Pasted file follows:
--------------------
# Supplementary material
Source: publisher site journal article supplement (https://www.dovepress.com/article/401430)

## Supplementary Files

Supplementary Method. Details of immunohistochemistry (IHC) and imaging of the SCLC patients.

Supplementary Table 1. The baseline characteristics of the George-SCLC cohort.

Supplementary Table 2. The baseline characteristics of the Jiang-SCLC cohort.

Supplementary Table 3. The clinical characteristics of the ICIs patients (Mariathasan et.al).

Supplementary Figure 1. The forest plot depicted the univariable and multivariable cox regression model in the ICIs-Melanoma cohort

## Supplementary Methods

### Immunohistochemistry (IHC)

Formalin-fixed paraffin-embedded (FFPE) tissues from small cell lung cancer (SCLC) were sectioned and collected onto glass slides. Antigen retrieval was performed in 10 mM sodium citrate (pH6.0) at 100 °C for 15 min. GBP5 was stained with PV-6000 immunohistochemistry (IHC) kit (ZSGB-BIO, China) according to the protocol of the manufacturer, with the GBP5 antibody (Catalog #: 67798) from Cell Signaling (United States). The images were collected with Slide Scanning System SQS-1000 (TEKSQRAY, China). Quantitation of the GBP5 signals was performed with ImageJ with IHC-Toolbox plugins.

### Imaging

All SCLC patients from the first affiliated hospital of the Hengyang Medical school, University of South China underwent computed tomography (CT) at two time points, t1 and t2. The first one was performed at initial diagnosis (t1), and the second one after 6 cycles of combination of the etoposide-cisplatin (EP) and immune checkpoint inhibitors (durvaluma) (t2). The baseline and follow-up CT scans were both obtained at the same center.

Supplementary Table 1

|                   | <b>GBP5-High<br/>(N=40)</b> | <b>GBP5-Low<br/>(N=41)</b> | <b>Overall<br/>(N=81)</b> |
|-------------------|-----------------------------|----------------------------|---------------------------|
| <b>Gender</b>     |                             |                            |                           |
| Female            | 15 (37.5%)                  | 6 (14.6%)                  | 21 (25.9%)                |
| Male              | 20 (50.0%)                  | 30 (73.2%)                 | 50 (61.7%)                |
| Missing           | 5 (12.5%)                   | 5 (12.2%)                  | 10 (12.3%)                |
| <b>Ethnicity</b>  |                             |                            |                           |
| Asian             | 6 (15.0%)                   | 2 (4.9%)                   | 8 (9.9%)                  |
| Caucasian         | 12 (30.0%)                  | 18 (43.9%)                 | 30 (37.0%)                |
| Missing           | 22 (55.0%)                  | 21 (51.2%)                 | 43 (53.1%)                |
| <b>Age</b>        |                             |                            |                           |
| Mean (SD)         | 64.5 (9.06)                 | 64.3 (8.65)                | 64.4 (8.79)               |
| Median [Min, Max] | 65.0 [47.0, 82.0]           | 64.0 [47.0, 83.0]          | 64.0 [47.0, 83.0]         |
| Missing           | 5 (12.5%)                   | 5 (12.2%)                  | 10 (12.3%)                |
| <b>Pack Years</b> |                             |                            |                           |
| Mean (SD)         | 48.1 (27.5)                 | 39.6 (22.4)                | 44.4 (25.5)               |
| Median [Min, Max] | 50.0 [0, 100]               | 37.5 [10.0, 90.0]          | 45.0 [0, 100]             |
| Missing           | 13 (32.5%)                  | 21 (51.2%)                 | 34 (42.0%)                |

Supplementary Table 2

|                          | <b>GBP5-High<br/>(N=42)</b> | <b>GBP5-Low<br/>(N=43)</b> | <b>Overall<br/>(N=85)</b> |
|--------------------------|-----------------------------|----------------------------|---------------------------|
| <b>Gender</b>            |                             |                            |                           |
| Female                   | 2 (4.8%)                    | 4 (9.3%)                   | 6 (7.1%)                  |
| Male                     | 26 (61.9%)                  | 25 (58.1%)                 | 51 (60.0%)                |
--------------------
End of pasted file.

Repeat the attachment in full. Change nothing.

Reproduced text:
# Supplementary material
Source: publisher site journal article supplement (https://www.dovepress.com/article/401430)

## Supplementary Files

Supplementary Method. Details of immunohistochemistry (IHC) and imaging of the SCLC patients.

Supplementary Table 1. The baseline characteristics of the George-SCLC cohort.

Supplementary Table 2. The baseline characteristics of the Jiang-SCLC cohort.

Supplementary Table 3. The clinical characteristics of the ICIs patients (Mariathasan et.al).

Supplementary Figure 1. The forest plot depicted the univariable and multivariable cox regression model in the ICIs-Melanoma cohort

## Supplementary Methods

### Immunohistochemistry (IHC)

Formalin-fixed paraffin-embedded (FFPE) tissues from small cell lung cancer (SCLC) were sectioned and collected onto glass slides. Antigen retrieval was performed in 10 mM sodium citrate (pH6.0) at 100 °C for 15 min. GBP5 was stained with PV-6000 immunohistochemistry (IHC) kit (ZSGB-BIO, China) according to the protocol of the manufacturer, with the GBP5 antibody (Catalog #: 67798) from Cell Signaling (United States). The images were collected with Slide Scanning System SQS-1000 (TEKSQRAY, China). Quantitation of the GBP5 signals was performed with ImageJ with IHC-Toolbox plugins.

### Imaging

All SCLC patients from the first affiliated hospital of the Hengyang Medical school, University of South China underwent computed tomography (CT) at two time points, t1 and t2. The first one was performed at initial diagnosis (t1), and the second one after 6 cycles of combination of the etoposide-cisplatin (EP) and immune checkpoint inhibitors (durvaluma) (t2). The baseline and follow-up CT scans were both obtained at the same center.

Supplementary Table 1

|                   | <b>GBP5-High<br/>(N=40)</b> | <b>GBP5-Low<br/>(N=41)</b> | <b>Overall<br/>(N=81)</b> |
|-------------------|-----------------------------|----------------------------|---------------------------|
| <b>Gender</b>     |                             |                            |                           |
| Female            | 15 (37.5%)                  | 6 (14.6%)                  | 21 (25.9%)                |
| Male              | 20 (50.0%)                  | 30 (73.2%)                 | 50 (61.7%)                |
| Missing           | 5 (12.5%)                   | 5 (12.2%)                  | 10 (12.3%)                |
| <b>Ethnicity</b>  |                             |                            |                           |
| Asian             | 6 (15.0%)                   | 2 (4.9%)                   | 8 (9.9%)                  |
| Caucasian         | 12 (30.0%)                  | 18 (43.9%)                 | 30 (37.0%)                |
| Missing           | 22 (55.0%)                  | 21 (51.2%)                 | 43 (53.1%)                |
| <b>Age</b>        |                             |                            |                           |
| Mean (SD)         | 64.5 (9.06)                 | 64.3 (8.65)                | 64.4 (8.79)               |
| Median [Min, Max] | 65.0 [47.0, 82.0]           | 64.0 [47.0, 83.0]          | 64.0 [47.0, 83.0]         |
| Missing           | 5 (12.5%)                   | 5 (12.2%)                  | 10 (12.3%)                |
| <b>Pack Years</b> |                             |                            |                           |
| Mean (SD)         | 48.1 (27.5)                 | 39.6 (22.4)                | 44.4 (25.5)               |
| Median [Min, Max] | 50.0 [0, 100]               | 37.5 [10.0, 90.0]          | 45.0 [0, 100]             |
| Missing           | 13 (32.5%)                  | 21 (51.2%)                 | 34 (42.0%)                |

Supplementary Table 2

|                          | <b>GBP5-High<br/>(N=42)</b> | <b>GBP5-Low<br/>(N=43)</b> | <b>Overall<br/>(N=85)</b> |
|--------------------------|-----------------------------|----------------------------|---------------------------|
| <b>Gender</b>            |                             |                            |                           |
| Female                   | 2 (4.8%)                    | 4 (9.3%)                   | 6 (7.1%)                  |
| Male                     | 26 (61.9%)                  | 25 (58.1%)                 | 51 (60.0%)                |